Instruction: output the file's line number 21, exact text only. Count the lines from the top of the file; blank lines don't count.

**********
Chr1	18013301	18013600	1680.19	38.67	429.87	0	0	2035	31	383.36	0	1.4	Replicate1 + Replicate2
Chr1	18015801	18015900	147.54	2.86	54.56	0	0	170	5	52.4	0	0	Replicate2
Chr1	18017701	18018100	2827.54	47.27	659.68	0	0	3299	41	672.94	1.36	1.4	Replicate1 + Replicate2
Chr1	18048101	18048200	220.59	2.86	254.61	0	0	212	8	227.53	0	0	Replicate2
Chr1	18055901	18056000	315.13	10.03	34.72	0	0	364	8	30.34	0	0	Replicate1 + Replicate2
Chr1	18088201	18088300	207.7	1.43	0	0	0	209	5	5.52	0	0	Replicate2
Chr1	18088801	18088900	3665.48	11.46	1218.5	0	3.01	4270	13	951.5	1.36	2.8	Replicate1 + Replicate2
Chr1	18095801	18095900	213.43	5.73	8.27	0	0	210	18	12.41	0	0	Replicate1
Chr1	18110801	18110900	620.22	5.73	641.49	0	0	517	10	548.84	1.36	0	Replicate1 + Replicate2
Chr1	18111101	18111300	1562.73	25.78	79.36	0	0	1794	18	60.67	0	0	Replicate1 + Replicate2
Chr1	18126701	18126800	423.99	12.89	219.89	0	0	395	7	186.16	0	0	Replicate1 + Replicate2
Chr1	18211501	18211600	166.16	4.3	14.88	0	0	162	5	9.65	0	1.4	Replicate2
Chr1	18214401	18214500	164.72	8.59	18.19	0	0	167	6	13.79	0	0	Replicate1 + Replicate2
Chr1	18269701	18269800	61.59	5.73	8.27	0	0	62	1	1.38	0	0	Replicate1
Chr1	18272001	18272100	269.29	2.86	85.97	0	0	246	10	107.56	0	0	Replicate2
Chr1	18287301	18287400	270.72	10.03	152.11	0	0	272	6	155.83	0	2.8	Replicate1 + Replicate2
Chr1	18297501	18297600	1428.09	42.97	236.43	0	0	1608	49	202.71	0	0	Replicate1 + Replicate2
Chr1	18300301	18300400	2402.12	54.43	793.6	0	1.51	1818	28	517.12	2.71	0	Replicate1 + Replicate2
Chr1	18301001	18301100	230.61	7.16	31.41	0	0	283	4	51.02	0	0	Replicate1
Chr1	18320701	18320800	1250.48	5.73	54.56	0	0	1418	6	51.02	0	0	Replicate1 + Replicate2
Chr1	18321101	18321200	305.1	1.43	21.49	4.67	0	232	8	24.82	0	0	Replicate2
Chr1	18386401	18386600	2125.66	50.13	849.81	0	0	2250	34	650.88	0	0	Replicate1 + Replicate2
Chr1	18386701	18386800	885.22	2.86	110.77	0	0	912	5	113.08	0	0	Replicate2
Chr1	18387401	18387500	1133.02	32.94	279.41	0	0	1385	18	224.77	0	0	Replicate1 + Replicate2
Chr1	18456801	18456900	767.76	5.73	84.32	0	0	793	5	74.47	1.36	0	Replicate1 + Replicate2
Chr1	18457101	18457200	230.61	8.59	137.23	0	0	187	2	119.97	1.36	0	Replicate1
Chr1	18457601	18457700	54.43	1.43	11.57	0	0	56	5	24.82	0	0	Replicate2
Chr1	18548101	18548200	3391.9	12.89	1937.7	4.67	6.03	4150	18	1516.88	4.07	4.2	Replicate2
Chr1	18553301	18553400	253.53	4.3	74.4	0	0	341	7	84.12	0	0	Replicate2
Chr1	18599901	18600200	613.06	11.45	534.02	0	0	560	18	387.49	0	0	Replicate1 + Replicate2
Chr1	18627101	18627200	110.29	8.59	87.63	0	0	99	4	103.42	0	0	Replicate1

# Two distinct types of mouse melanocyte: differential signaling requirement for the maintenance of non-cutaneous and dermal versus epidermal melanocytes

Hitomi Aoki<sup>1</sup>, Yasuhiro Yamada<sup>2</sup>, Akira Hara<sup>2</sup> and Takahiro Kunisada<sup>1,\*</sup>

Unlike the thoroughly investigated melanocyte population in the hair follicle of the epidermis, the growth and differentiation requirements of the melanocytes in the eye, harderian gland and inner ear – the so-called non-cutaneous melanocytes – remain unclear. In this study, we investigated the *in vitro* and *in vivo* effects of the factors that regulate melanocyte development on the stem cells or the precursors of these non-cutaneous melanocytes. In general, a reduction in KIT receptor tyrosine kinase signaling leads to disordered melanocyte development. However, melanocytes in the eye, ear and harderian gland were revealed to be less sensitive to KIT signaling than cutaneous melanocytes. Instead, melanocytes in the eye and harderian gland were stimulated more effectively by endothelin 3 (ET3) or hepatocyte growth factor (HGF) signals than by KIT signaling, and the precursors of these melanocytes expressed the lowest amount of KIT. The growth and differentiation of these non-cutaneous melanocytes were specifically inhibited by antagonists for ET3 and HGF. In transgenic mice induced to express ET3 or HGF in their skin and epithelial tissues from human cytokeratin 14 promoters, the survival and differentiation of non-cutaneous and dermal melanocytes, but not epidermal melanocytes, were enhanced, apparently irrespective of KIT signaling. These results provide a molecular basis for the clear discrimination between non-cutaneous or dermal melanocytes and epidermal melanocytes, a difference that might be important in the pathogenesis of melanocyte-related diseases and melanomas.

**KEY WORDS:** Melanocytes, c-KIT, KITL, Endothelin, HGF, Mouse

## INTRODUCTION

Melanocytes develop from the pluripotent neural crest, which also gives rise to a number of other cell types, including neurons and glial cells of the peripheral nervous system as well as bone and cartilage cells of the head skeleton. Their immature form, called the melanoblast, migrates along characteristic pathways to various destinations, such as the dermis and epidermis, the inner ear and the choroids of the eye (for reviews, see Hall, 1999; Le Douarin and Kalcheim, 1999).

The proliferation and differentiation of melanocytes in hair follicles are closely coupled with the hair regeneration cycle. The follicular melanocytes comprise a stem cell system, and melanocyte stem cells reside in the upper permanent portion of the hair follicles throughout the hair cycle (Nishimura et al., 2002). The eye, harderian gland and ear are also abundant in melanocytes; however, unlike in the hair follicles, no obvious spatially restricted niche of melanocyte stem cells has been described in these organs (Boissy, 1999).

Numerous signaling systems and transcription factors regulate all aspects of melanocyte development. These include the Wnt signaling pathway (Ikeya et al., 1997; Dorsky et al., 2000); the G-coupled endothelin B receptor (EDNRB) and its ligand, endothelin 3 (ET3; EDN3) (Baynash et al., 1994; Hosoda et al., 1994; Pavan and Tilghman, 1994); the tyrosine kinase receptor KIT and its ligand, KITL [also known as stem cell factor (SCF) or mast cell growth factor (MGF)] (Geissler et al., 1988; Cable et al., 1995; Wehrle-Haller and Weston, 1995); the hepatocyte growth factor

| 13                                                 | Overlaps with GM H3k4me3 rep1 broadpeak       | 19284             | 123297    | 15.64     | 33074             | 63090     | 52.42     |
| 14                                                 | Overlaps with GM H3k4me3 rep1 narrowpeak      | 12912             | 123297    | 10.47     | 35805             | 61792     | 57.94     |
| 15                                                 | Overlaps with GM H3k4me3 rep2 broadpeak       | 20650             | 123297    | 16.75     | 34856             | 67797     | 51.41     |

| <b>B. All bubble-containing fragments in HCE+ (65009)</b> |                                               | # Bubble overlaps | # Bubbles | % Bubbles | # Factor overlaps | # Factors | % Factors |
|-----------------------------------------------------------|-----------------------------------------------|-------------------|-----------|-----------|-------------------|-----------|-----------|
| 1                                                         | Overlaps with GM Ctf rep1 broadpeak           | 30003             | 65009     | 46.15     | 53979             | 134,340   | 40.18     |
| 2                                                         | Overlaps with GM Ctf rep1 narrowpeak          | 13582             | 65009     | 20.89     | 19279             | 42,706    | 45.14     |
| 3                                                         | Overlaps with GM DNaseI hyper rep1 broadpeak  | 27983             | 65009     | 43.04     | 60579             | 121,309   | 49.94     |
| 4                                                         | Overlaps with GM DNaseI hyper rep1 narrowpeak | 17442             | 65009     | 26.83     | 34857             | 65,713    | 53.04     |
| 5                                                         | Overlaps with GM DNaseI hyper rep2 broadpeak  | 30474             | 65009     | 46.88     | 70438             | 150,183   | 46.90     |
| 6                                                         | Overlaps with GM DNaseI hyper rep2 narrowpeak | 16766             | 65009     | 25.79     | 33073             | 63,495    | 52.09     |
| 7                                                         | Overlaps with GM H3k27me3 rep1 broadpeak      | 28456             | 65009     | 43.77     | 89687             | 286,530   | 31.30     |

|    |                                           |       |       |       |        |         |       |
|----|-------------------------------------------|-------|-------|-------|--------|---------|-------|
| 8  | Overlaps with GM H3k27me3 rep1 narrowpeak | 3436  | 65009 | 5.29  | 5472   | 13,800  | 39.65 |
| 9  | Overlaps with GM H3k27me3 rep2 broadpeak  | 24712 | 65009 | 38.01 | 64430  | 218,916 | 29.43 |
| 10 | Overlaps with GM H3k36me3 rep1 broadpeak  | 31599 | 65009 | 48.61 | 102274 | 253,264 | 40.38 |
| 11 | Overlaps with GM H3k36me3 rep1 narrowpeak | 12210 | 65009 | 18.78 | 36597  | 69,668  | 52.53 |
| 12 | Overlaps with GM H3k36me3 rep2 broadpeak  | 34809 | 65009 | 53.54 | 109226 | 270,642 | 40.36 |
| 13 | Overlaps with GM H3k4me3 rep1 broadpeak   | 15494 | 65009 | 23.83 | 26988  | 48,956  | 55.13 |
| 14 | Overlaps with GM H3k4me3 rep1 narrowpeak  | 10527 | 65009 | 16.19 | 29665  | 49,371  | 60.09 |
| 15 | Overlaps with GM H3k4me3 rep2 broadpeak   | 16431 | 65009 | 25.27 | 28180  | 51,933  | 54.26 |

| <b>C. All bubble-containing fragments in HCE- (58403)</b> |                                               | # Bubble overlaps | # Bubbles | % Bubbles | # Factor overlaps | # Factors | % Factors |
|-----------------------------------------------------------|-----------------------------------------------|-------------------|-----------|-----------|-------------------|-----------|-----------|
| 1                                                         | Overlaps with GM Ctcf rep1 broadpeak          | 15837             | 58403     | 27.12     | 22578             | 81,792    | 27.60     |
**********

Chr1	18321101	18321200	305.1	1.43	21.49	4.67	0	232	8	24.82	0	0	Replicate2